Make the McKenzie Connection!

“Like Mayberry - without Barney & Andy”

Doyle HawksEUGENE: “It was a wonderful place to live,” Billie Ruth Rose had to say about the community of logger’s families that once thrived near Quartz Creek on the McKenzie River. “My folks lived there for 20 years. There were probably 100 kids in the area and the mothers mainly stayed home to raise families. It was a good place - like Mayberry without Barney and Andy.”

Rose and Doyle Hawks, also a fellow kid from “Arkyville,” as the camp was called locally, were featured last weekend at the McKenzie Memories presentation in Eugene. Hawks shared some of the history about how the settlement came to be - tracing founder “Whit” Rosborough’s migration from the pine woods of Arkansas and the contingent of workers who followed him when he reestablished his mills in Oregon.

“I grew up with a fishing rod in one hand and a rifle in the other,” Hawks recalled. But he and other boys in the neighborhood had their hands on some tools. Most started working in the woods when they were in the 9th grade, and kept at it until they graduated - planting trees for Rosboro for a dollar an hour.

Helping people follow their recollections were photos from the past projected on a large screen. A few showed some of the 27 homes people lived in while others illustrated how something like going to school was a bit different in those days.

“We weren’t allowed to cross the logging bridge. Trucks came down the mountain, around the corner and across the bridge,” Billie said. “They didn’t want to stop or slow down for anything. We had to cross the swinging bridge for anything - to the store, to go to school. Little first grade kids crossed that bridge twice a day.”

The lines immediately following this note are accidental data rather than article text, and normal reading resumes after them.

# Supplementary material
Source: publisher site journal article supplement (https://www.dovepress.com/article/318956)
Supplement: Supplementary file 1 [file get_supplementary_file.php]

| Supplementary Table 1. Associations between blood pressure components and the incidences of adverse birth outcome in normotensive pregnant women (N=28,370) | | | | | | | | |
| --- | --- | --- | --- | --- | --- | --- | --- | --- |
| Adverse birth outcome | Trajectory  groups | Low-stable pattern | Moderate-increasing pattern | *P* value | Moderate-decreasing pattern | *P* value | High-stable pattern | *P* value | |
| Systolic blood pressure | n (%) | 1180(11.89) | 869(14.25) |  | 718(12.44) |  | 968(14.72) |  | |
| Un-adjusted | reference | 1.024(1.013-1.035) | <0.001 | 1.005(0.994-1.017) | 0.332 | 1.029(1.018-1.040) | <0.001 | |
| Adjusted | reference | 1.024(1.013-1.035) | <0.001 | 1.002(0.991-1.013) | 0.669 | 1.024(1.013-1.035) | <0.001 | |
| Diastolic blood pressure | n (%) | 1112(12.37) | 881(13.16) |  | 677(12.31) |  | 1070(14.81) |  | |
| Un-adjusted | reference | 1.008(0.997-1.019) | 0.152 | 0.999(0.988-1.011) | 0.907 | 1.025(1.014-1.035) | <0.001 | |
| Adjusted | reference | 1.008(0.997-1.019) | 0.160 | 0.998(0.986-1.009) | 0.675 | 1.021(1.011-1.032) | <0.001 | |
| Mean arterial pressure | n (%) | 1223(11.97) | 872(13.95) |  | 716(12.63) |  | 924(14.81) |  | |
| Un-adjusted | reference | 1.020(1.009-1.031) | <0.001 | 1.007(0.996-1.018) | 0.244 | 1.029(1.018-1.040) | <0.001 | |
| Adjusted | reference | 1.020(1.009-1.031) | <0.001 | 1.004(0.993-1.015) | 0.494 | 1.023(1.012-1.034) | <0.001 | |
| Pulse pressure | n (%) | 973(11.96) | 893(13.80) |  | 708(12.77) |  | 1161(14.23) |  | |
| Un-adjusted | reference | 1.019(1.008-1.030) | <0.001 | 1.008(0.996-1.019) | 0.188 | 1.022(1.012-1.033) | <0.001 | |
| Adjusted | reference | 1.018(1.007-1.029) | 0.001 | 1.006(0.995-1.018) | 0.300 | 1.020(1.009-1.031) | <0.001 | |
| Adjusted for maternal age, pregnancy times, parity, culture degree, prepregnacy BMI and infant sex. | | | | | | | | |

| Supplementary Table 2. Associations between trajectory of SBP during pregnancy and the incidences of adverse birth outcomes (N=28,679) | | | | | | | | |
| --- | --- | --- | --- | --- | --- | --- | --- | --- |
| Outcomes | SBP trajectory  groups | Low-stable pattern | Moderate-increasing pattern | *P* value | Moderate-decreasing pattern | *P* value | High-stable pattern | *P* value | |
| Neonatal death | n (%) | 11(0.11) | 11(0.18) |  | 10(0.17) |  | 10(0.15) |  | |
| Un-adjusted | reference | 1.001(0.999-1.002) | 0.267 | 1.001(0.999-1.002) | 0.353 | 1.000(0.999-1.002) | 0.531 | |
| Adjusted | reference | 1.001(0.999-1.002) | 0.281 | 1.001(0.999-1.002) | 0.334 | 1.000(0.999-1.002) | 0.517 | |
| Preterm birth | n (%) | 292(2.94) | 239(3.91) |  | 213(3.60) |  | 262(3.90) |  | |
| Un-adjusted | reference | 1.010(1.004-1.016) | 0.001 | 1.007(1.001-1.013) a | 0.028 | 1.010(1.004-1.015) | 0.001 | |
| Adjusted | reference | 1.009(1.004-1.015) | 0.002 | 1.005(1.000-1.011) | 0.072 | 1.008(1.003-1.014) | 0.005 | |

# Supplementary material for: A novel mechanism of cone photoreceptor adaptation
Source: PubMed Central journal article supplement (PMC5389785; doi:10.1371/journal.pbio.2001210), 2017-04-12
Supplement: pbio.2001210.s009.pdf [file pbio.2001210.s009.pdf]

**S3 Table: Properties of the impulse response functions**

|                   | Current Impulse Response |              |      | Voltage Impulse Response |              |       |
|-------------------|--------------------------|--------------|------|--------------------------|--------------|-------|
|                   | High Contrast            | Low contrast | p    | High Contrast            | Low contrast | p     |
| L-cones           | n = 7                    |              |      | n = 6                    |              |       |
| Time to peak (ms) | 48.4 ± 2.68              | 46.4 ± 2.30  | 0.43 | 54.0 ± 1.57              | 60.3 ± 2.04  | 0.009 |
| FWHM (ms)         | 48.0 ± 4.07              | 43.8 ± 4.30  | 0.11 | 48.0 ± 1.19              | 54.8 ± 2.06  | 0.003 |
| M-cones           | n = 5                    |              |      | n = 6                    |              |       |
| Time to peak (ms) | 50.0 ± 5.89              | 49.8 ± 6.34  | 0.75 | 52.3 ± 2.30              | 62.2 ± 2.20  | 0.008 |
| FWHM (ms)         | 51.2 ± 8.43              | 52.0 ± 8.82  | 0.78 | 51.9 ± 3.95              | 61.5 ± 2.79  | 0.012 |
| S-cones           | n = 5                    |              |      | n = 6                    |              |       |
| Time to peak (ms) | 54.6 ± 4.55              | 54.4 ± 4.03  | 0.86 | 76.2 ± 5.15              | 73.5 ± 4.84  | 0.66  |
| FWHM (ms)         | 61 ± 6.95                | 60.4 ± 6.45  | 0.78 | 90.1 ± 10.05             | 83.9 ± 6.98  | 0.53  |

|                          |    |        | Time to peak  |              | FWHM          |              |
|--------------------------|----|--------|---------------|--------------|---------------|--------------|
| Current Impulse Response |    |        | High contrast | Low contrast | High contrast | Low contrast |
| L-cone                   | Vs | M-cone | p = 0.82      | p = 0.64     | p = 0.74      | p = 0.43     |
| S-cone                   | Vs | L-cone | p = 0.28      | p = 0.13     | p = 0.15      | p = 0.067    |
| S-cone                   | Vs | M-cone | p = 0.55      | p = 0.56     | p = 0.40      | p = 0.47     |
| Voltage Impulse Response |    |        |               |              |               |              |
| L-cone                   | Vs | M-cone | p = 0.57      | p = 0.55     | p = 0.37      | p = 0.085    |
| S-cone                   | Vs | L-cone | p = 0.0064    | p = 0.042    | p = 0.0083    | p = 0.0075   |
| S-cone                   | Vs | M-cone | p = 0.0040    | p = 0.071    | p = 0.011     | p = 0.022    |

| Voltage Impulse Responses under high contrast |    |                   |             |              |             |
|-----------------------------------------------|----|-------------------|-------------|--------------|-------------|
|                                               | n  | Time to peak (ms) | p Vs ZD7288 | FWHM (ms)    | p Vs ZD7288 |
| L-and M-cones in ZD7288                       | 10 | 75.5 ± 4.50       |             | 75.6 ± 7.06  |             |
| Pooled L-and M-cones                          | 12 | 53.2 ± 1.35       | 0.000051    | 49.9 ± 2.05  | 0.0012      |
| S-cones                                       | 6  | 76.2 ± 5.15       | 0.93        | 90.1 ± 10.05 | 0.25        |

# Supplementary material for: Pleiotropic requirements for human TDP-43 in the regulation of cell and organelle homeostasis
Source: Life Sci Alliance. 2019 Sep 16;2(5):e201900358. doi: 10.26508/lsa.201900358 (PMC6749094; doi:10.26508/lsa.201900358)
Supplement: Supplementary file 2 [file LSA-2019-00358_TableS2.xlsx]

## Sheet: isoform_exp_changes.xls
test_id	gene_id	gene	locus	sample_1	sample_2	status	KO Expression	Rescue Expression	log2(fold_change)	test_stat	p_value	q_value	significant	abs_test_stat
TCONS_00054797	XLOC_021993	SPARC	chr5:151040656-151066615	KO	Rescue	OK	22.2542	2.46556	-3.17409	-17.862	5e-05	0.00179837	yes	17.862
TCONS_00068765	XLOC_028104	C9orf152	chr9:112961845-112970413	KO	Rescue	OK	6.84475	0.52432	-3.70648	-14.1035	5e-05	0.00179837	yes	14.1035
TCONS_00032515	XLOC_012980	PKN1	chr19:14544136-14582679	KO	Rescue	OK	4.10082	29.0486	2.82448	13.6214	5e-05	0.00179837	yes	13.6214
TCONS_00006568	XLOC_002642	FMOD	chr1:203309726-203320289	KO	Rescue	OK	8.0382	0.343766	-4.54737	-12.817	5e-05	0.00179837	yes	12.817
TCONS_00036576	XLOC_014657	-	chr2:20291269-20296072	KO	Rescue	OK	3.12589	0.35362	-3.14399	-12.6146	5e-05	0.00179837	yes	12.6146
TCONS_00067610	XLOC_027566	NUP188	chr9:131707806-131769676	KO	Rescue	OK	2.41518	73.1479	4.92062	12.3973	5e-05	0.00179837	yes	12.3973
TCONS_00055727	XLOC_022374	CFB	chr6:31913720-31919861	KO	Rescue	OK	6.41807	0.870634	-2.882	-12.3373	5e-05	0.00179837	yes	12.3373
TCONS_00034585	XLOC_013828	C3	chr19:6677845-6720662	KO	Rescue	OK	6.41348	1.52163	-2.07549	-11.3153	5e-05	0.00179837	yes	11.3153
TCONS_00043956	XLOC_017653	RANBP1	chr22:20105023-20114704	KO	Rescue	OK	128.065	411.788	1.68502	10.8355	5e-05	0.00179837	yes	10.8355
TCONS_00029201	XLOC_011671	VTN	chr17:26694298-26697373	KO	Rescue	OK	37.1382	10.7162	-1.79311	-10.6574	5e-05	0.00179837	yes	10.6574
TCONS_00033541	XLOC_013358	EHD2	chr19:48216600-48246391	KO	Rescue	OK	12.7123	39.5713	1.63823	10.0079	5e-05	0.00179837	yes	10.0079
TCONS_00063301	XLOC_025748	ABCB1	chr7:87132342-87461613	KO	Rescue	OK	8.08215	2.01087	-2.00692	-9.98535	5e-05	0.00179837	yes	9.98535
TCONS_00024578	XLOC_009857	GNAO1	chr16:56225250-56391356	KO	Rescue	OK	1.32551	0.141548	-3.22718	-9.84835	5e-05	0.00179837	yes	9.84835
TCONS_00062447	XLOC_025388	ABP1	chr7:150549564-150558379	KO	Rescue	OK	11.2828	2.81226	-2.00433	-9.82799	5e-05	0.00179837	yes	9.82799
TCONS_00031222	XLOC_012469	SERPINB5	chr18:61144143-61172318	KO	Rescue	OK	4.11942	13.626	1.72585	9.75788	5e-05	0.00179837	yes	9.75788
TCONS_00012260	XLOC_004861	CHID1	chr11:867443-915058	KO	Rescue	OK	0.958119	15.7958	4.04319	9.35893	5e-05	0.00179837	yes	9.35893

At times crossing that pedestrian bridge became a challenge. “Some of the boys would get on one end, swinging it back and forth or stomping on it,” Billie remembers. “But we all survived. Nobody fell in.”

Doyle noted that today’s McKenzie Schools campus dates back to its construction in 1941 for grades 1 through 12. “The best thing about being in Finn Rock was playing sports,” he said. “It was a small school. About anyone who went out could make the team.”

Their baseball team,  “The McKenzie River Bums,”  put some miles on their roster. “One summer we went to Yreka, California, spent a week and then went on to Happy Camp. The next winter we went up to Seattle and played some big schools,” Doyle said.

They more than held their own. In a game against Oakridge, “Dennis Baldridge scored 54 points - way before the 3-pointer,” Doyle pointed out. He later played for Oregon, scoring 35 points against Oregon State as a freshman on the basketball team. Rounding out his accomplishments, “He signed a contract and played seven to eight years for the New York Yankees.”

Many people, “Have no clue there was a settlement there,” Billie said of the old Finn Rock Camp. “I used to sort of mourn that. But a few weeks ago I visited it with some other people. It’s so beautiful. I’m okay with it now, let it go and become what it needs to become. I’m really appreciative of the McKenzie River Trust purchasing it and saving it.”

Editor’s note: Dave Quillan, also grew up at the camp and is remembered as the only guy who had a camera. He took extensive photos in the 1950’s and ‘60’s. Some are posted on our website. To view them, go to:

Image above: Doyle Hawks, left, and Billie Rose took to the stage at Avenue 252 in Eugene on Saturday to share stories about growing up at the Finn Rock Logging Camp.


McKenzie River Reflections


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